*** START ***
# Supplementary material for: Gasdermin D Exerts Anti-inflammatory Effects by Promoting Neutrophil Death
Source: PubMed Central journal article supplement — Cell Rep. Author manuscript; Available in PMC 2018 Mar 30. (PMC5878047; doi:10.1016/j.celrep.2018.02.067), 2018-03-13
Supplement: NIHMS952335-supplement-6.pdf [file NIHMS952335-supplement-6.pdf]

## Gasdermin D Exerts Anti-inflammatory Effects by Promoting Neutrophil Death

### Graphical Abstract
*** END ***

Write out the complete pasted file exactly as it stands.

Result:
# Supplementary material for: Gasdermin D Exerts Anti-inflammatory Effects by Promoting Neutrophil Death
Source: PubMed Central journal article supplement — Cell Rep. Author manuscript; Available in PMC 2018 Mar 30. (PMC5878047; doi:10.1016/j.celrep.2018.02.067), 2018-03-13
Supplement: NIHMS952335-supplement-6.pdf [file NIHMS952335-supplement-6.pdf]

## Gasdermin D Exerts Anti-inflammatory Effects by Promoting Neutrophil Death

### Graphical Abstract